We’ll continue to keep tabs on Smart Polling use and misuse over the coming months. Stay tuned.


Smart Polling for President

With the 2012 election season getting underway, I’m curious if the use of IVR technology or “robocalling” for polling will be under the same scrutiny that it was during the 2008 election.

A few years back, I wrote a blog post, “IVR Polling: Overcoming its C.R.A.P. Reputation,” on robocalling for the 2008 election. One of the issues that opponents of robocalling were concerned about in the 2008 election was that a machine can’t tell if a call is being answered by the intended person. This led me to a web search to learn if any advances in technology have been made along these lines since the last election. I was unable to find any products out there that can detect age or gender using a speech recognizer but did find a few academic papers on the subject that dated back a few years.

Perhaps the market need just isn’t there for these types of products. Yet Rasmussen Reports, who uses outbound IVR technology to collect their data, tied with Pew Research as the most accurate pollster for the 2008 general election. We’ll see if this was anomaly but my guess is that it wasn’t. Also, what does it matter if a kid answers the phone? Chances are that they have the same political views as their parents.

While we’re talking about this technology, doesn’t “Robocall” sound so 1980’s? Are robots picking up the phone and placing calls and speaking in robotic voices? I’m referring to the practice as “IVR Polling,” but perhaps a more appropriate label would be “Smart Polling.” Automating these types of calls is smart because it allows pollsters to gather more data in less time and with less money than they did using humans. And “Smart Polling” is proving to be just as accurate.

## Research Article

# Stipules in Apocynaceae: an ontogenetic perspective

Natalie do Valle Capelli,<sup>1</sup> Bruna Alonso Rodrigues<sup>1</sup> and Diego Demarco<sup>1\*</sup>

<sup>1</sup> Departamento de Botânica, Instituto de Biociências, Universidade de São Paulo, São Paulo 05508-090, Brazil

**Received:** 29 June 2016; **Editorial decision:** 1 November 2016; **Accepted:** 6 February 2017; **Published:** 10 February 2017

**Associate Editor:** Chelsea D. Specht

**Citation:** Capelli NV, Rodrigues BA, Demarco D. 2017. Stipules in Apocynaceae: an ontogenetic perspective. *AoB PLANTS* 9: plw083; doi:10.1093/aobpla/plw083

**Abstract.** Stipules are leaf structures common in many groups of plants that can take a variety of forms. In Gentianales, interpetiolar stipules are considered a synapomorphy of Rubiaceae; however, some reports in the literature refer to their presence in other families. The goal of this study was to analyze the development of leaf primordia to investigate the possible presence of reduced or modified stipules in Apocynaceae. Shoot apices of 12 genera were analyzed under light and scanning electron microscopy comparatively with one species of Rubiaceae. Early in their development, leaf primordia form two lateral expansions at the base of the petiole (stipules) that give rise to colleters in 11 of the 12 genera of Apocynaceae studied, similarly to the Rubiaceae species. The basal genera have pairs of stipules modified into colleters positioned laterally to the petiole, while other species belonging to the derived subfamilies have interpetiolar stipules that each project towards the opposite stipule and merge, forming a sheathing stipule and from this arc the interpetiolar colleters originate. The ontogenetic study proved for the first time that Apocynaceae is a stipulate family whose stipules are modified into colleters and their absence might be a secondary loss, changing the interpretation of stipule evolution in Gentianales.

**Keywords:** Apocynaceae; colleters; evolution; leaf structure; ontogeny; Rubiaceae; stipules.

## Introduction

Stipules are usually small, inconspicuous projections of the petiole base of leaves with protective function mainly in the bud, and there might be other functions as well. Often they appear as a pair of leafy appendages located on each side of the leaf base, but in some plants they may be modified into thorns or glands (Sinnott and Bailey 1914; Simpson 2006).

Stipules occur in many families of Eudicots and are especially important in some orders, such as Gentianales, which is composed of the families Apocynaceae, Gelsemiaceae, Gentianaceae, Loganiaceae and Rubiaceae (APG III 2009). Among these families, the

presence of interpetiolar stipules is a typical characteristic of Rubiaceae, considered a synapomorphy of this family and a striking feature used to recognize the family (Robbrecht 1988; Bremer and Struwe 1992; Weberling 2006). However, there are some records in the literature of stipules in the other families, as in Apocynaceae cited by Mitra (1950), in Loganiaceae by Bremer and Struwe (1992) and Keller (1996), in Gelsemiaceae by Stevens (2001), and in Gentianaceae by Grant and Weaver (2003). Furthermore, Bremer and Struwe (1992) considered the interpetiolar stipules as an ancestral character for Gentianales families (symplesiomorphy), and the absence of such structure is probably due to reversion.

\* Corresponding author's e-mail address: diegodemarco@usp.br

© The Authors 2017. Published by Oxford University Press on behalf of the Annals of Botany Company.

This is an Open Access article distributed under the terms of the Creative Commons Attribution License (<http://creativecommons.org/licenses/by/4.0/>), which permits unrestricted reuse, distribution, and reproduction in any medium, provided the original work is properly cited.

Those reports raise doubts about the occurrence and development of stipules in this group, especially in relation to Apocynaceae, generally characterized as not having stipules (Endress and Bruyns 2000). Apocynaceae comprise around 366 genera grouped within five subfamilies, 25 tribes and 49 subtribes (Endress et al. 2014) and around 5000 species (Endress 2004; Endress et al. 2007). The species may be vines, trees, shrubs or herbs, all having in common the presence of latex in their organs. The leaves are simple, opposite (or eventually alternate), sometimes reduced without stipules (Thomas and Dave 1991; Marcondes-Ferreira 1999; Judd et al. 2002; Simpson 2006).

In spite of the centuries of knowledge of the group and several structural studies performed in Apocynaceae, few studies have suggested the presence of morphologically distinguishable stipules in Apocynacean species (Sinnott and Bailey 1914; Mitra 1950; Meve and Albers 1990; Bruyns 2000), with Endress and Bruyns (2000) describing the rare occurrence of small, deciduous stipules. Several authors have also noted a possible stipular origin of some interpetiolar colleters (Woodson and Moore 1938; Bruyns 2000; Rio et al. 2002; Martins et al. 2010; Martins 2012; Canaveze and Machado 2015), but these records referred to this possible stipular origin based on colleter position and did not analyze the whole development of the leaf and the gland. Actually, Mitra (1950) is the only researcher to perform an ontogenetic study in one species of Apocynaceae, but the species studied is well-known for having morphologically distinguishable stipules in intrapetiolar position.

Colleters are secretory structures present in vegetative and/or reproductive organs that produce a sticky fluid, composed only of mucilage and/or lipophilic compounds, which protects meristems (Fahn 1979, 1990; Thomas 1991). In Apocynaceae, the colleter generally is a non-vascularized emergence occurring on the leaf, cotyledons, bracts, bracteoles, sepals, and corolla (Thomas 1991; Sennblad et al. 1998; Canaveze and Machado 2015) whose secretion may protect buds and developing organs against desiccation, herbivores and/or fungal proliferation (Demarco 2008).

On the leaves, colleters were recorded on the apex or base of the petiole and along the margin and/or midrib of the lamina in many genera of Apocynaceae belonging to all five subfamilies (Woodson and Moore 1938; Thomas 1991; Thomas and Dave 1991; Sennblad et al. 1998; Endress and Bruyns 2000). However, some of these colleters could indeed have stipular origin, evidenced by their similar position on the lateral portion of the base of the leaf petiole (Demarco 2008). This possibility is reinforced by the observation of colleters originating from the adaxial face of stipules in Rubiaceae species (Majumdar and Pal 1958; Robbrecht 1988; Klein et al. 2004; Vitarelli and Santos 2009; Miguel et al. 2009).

We’ll be reporting more on the use of Smart Polling over the coming months. Stay tuned.


Android Takes the Lead

On March 7, comScore announced their most recent smartphone market share results. According to their data, Android now has largest share of the smartphone market in the U.S., replacing RIM.

Android now has a 31% share, up 7.7% from the three month period ended in October 2010. RIM’s (Blackberry) share fell 5.4% with 30.4% of the market share. Apple gained 0.1% and remains in third place, with a 24.7% share.

View the comScore Press Release


Android passes Apple in U.S.

On January 6, comScore announced their most recent smartphone market share results. According to their data, Android now has the second largest share of the smartphone market in the U.S., replacing Apple.

Android now has a 26% share, up 6.4% from the three month period ended in August 2010. RIM’s (Blackberry) share fell 4.1%, but remains in 1st with 33.5% of the market share. Apple fell 0.8% to third place, with a 25% share.